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Daylight's peers also lack development cash

A Chinese worker checks a fuel tank at a Sinopec petrol station in Beijing, 26 April 2007.


The shock from the 110 per cent premium that Sinopec paid for Daylight Energy Ltd. is wearing off, and analysts are generally agreeing that the Chinese are getting some good assets from this deal. Daylight was more or less struggling because it didn't have the cash to develop its projects, and Sinopec surely does.

Yet Daylight isn't the only firm in this boat, and that's raising questions. Companies such as Delphi Energy , NuVista Energy and Vero Energy not only lack the cash they need for development, which has hurt their stocks, but they all have assets in at least one of the three areas in which Daylight operates: the Cardium oil formation, the Montney formation and western Alberta's cretaceous multi-zone gas, according to CIBC World Markets analyst Jermey Kaliel.

"While each holds a material position in one or all three of the plays ... they also lacked the means to exploit the plays to their full potential, whether it be insufficient internal cash flows to direct towards development or inability to access external capital at acceptable prices," Mr. Kaliel noted.

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Because Sinopec ascribed such value to Daylight's assets, Mr. Kaliel suggests the market may start doing the same, sending these stocks higher.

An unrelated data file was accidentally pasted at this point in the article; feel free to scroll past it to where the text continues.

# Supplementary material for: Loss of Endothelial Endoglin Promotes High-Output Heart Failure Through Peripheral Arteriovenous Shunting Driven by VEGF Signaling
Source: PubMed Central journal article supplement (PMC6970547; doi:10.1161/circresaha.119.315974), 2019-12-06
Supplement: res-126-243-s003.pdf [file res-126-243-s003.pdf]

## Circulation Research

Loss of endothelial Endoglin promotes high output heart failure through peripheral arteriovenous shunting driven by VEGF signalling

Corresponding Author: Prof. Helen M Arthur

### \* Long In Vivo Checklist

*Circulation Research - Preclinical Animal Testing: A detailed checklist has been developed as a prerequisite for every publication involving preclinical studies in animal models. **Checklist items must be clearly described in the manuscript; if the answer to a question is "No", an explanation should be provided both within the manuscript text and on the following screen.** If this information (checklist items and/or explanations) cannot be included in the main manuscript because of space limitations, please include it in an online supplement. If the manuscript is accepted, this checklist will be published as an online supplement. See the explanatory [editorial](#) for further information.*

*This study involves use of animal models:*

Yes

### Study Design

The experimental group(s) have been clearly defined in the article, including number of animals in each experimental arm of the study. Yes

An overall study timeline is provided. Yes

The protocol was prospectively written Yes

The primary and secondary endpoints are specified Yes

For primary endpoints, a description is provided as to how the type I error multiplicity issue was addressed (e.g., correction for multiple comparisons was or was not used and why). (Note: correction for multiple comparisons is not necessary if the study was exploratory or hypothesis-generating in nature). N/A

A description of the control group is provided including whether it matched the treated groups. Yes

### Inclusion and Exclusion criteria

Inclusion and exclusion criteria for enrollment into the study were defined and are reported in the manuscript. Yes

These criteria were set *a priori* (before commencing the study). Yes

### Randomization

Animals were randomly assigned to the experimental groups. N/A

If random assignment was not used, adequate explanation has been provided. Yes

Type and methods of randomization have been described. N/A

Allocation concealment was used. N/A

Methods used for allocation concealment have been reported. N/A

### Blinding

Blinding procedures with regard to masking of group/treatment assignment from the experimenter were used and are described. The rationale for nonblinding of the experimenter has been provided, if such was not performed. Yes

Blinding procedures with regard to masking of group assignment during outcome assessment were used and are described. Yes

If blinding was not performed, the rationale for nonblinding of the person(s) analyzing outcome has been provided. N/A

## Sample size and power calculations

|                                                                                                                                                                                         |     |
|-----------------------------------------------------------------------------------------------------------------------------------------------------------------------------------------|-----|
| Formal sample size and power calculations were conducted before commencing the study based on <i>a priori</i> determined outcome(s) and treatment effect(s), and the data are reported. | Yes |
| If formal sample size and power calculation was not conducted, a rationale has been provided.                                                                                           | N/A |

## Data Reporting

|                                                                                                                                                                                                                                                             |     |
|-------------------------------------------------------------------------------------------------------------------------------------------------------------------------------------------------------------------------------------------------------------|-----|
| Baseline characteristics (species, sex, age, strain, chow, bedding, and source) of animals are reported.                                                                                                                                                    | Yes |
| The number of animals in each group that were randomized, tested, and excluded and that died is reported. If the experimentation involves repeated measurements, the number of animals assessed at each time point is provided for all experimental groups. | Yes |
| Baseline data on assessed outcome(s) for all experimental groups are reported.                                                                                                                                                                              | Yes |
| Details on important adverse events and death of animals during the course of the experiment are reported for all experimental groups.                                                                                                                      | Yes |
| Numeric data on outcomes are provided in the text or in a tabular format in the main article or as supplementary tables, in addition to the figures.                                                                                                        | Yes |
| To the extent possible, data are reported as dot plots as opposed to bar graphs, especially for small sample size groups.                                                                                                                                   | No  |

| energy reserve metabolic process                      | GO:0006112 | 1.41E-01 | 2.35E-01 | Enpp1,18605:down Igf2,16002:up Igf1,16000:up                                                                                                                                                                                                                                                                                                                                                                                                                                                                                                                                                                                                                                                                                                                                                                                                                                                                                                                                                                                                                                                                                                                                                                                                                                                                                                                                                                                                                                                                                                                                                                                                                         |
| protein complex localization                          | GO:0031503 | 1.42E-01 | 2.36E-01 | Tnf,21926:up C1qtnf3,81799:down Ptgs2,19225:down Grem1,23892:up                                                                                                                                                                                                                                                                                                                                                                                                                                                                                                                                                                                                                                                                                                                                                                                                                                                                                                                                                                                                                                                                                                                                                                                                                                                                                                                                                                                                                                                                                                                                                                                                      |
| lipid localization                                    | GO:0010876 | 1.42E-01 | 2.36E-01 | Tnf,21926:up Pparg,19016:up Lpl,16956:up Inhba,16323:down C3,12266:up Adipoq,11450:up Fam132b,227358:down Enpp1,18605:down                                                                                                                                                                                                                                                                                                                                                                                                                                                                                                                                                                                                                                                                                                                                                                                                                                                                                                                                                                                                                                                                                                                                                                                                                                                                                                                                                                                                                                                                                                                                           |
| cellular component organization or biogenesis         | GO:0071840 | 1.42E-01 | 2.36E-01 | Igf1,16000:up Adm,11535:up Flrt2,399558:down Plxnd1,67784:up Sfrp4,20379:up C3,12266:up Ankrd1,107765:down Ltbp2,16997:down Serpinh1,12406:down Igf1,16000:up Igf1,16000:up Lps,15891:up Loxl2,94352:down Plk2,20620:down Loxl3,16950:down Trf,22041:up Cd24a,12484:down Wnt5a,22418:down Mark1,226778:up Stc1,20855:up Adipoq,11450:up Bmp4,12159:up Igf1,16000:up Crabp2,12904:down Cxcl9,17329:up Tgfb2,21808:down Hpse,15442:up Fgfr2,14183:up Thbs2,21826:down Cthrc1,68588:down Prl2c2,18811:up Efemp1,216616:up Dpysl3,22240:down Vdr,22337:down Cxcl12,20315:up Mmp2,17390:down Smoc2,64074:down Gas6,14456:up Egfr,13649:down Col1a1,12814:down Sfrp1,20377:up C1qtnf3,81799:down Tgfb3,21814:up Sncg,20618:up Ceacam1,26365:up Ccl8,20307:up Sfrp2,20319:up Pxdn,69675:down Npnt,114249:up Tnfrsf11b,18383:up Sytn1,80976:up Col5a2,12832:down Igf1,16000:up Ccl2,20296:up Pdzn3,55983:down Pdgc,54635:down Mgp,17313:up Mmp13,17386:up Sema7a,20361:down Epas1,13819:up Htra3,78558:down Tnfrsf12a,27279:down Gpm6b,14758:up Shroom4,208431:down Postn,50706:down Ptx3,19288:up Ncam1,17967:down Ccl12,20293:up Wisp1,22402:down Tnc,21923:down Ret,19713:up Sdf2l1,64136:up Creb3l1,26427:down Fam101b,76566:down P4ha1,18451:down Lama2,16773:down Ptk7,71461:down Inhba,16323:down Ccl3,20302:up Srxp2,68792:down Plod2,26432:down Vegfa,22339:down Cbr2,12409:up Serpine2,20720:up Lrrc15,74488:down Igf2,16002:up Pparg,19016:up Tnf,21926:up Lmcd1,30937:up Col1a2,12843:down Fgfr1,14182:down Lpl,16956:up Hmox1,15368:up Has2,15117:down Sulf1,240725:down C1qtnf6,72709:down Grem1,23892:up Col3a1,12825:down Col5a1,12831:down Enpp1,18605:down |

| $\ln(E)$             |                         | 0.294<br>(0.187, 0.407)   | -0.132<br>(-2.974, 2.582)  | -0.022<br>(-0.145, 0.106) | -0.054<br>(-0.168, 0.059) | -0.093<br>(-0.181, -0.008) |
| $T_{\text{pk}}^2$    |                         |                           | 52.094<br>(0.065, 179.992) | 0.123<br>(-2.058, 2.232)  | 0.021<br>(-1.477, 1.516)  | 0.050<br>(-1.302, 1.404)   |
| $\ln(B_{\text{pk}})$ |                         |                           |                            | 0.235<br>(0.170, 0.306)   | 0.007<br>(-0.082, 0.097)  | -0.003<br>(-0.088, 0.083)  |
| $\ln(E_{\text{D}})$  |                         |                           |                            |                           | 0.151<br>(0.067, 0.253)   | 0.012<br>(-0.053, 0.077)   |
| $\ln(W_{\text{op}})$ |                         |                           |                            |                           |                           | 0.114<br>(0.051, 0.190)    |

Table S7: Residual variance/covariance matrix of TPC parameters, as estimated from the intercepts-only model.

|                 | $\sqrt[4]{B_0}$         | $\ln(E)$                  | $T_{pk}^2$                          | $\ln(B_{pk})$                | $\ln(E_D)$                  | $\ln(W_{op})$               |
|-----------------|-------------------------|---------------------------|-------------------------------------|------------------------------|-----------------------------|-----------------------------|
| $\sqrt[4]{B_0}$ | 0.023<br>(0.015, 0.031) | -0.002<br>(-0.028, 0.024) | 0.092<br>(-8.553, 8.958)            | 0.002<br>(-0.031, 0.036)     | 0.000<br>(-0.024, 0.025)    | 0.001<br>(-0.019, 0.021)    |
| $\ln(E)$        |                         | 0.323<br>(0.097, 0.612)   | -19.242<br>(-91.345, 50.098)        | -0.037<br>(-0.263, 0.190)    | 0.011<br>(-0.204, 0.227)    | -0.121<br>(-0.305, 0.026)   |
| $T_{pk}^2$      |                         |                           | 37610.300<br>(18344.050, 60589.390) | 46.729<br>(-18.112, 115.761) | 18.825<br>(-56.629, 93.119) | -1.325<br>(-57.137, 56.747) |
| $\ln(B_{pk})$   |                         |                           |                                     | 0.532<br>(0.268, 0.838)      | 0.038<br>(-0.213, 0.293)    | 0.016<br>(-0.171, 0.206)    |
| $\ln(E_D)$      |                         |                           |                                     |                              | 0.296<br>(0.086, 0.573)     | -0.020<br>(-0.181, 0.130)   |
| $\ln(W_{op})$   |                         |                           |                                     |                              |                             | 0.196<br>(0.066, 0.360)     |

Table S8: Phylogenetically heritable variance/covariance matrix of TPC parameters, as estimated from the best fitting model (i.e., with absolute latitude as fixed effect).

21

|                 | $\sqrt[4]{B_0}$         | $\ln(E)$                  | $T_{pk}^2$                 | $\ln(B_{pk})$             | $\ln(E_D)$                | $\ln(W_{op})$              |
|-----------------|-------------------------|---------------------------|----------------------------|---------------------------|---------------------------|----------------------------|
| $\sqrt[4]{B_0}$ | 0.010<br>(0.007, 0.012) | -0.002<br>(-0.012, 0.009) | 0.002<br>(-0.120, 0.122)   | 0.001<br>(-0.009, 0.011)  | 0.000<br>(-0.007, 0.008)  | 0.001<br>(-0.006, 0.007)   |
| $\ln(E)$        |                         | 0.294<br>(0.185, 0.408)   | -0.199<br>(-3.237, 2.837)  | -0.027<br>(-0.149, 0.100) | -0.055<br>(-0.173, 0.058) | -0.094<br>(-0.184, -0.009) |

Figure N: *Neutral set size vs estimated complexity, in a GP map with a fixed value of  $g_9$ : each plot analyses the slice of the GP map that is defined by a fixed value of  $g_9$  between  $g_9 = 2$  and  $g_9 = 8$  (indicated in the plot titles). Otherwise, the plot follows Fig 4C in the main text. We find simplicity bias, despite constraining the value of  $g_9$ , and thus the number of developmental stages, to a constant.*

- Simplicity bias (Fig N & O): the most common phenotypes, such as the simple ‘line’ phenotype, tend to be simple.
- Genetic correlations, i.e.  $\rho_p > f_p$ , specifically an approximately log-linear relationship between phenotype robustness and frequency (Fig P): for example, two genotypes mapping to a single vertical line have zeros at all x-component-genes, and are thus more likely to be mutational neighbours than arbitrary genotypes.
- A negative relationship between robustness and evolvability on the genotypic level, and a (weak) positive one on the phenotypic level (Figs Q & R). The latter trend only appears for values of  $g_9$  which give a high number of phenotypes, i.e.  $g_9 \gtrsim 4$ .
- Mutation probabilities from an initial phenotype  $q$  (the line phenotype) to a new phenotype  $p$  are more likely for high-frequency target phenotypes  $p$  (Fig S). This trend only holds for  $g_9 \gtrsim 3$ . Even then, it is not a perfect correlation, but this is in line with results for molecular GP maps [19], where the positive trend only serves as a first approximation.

It also suggests that another cash-rich acquirer might be willing to come in and buy one of these companies to develop the assets itself, or at least strike a joint venture, but Mr. Kaliel doesn't go that far.

He does, however, point out that there are firms who are operating in these regions and doing just fine. Mr. Kaleil cites Celtic Exploration (which has a lot of buzz right now), Paramount Resources and Progress Energy as examples of companies that are receiving what he says is partial recognition for their assets, and more importantly, all have better access to capital.

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About the Author
Reporter and Streetwise columnist

Tim Kiladze is a business reporter with The Globe and Mail. Before crossing over to journalism, he worked in equity capital markets at National Bank Financial and in fixed-income sales and trading at RBC Dominion Securities. Tim graduated from Columbia University's Graduate School of Journalism and also earned a Bachelor in Commerce in finance from McGill University. More

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